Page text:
I recalled a memory from Rio de Janeiro.

On a rainy afternoon, we visited Christ the Redeemer, situated atop Corcovado Mountain.

Riding the tram up, the fog grew thicker and the nearby tree branches looked dream like.

When we got to the visitor centre at the top, it was raining heavily and the mountain top was covered in thick fog.

Half of our group chose to stay inside, complaining they couldn’t see anything.

Indeed, looking out, I could not see the stairs that led up to the 100 feet tall statue.

The hubby and I ventured out, even though the guide warned us we may not see anything.

As we walked up the stairs, the rain slowed down and as I inched to the top, He emerged from the fog, hands opened wide, looking down at all who stayed committed.

It was one of the most surreal experiences of my life and reminded me to always keep the faith.

In the last six years, our international travel has slowed down – raising a child ain’t cheap! – although we hope to explore the world with T when he is older.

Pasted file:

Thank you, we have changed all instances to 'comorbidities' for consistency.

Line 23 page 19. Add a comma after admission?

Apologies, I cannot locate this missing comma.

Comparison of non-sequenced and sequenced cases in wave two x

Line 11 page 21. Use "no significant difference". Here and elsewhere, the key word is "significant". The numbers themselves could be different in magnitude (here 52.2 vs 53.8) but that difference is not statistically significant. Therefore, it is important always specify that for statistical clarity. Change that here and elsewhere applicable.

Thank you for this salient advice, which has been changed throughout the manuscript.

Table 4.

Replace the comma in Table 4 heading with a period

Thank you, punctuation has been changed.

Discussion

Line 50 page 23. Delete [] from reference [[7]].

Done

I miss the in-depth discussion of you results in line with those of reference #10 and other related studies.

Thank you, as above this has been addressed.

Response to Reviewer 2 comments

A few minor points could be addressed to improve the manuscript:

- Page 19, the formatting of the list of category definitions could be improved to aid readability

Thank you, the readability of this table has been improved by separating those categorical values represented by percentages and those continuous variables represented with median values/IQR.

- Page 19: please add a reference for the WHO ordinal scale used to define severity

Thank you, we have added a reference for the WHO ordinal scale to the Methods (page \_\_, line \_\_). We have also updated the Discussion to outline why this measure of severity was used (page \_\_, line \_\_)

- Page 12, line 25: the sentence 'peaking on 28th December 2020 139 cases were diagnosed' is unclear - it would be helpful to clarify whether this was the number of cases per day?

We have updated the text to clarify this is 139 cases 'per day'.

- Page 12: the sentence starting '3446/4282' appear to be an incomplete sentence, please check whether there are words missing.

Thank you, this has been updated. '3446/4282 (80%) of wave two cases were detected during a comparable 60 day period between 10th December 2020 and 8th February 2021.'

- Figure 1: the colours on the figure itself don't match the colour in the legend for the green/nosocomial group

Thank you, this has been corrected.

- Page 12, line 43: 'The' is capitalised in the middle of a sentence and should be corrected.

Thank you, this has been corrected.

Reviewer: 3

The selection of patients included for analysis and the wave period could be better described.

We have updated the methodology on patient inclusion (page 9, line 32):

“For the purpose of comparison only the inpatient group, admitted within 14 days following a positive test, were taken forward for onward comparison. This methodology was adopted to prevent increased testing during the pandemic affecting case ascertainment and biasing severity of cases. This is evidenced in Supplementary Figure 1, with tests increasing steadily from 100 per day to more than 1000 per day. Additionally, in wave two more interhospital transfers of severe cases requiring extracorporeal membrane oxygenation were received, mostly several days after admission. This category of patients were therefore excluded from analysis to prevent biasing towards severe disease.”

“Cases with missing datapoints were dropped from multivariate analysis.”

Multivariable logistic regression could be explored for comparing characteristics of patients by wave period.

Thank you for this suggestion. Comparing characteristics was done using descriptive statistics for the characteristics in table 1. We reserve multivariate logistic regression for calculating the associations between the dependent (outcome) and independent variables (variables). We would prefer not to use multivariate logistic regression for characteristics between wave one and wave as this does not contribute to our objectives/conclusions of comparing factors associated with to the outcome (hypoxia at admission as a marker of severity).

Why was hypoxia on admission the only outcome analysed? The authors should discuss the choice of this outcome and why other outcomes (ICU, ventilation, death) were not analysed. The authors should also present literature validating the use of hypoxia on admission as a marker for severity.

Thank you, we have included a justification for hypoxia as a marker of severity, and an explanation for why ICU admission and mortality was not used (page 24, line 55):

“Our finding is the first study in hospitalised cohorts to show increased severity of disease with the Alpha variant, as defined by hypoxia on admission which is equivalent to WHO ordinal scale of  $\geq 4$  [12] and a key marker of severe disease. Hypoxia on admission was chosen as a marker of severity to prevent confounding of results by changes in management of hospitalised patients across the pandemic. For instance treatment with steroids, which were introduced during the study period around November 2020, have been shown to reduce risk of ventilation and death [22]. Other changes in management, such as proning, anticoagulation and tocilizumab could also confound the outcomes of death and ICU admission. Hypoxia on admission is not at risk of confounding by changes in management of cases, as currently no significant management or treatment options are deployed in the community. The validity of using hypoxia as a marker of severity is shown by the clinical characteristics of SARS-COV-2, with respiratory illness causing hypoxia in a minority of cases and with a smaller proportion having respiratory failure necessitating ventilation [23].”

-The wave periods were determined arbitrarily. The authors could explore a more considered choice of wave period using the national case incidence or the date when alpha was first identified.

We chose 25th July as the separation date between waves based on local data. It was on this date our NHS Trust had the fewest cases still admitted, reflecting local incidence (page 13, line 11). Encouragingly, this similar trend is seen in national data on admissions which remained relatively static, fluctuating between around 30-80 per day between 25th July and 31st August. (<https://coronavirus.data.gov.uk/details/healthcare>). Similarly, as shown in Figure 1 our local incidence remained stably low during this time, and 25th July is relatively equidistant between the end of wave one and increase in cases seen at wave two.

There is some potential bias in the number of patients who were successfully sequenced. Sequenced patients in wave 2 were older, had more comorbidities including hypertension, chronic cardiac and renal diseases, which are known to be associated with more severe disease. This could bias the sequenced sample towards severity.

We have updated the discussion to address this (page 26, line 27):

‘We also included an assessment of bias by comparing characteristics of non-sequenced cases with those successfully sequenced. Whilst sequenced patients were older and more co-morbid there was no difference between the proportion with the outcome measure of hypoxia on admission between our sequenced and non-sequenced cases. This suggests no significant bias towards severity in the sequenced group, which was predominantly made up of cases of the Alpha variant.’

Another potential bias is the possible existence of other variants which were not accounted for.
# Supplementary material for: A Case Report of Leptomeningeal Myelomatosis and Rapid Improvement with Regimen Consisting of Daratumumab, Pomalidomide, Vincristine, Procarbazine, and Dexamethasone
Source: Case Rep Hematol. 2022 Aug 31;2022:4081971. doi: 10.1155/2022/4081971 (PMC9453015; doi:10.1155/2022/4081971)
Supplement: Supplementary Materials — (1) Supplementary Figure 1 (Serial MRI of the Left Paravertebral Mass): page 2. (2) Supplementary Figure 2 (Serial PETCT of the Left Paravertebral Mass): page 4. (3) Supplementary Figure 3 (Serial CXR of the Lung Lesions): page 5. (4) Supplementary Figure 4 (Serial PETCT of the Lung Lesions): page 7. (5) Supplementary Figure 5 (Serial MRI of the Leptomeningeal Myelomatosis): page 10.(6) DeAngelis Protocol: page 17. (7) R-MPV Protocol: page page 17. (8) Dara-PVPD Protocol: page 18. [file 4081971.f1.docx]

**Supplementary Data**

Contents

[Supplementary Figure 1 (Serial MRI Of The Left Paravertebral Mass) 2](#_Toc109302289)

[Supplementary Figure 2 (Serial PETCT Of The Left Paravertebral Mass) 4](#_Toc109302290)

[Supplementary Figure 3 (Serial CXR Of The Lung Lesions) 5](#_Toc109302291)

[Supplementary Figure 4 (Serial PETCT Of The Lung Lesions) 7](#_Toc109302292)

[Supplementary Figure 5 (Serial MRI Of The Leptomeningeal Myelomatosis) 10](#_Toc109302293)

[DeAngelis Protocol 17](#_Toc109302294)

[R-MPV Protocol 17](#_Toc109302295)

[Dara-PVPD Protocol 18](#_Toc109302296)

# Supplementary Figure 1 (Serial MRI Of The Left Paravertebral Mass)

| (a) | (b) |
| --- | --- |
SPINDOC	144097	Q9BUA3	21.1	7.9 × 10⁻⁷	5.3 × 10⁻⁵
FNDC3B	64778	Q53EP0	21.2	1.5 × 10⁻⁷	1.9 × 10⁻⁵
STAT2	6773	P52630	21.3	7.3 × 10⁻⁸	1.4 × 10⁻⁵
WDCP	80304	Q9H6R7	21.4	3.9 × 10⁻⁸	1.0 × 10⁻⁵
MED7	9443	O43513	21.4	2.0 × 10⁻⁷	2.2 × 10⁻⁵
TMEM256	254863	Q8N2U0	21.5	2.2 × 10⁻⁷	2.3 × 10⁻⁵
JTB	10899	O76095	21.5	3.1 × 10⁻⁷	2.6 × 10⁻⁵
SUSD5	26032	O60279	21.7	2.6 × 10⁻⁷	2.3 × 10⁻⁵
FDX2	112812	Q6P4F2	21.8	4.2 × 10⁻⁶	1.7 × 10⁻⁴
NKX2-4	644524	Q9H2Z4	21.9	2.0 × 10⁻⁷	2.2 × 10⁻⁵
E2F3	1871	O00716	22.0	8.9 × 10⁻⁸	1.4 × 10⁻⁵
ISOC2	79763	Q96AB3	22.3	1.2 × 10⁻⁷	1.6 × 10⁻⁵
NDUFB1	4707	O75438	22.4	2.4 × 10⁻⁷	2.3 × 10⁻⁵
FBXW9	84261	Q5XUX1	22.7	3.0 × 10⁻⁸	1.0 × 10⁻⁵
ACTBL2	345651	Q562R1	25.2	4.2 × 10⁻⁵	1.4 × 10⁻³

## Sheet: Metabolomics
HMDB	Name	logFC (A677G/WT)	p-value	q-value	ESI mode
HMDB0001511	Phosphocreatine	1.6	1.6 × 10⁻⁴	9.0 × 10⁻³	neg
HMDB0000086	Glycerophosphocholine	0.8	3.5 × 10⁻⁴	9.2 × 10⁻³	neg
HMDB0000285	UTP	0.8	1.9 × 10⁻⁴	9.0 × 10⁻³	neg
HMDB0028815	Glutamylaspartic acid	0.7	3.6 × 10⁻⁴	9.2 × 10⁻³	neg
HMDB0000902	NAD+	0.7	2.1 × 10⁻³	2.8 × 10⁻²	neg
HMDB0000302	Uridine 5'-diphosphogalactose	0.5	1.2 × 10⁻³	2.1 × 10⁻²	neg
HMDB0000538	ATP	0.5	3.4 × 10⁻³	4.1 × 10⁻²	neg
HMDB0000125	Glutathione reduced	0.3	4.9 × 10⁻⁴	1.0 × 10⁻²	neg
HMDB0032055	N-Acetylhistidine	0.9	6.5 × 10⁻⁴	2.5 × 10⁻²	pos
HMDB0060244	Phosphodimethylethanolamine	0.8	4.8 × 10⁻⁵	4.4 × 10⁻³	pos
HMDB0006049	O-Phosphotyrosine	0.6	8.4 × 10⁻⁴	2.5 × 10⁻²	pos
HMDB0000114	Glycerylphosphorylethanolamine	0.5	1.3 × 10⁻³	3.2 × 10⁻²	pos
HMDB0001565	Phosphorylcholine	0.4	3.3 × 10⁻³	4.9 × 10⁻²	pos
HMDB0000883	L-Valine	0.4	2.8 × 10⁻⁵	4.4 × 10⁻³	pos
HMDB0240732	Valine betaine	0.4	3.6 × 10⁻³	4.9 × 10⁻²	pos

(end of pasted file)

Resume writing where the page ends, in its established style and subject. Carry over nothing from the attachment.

These days, we don’t need to travel 8,000 feet up a mountain to have our breath taken away.

Smaller things make my heart soar. Like T crushing his spelling test this week, earning an “Amazing!” from his teacher, and his proud smile when he sees it posted on the fridge.

Our amazing boy reminds me everyday to never fear the rainy days, to journey through uncertain fog, and to always have faith.

The Diagnosis

After 5.5 years, we’ve answered a longstanding question about our son’s life and then uncovered more questions.

When T was 18 months old, he received a prognosis of at-risk Fetal Alcohol Spectrum Disorder (FASD).

It’s been quite the journey since as the hubby, T and I experienced the highs and lows of life with a little understood invisible disability.

We continue to be blessed with amazing supports, including school and community services that have enhanced T’s life.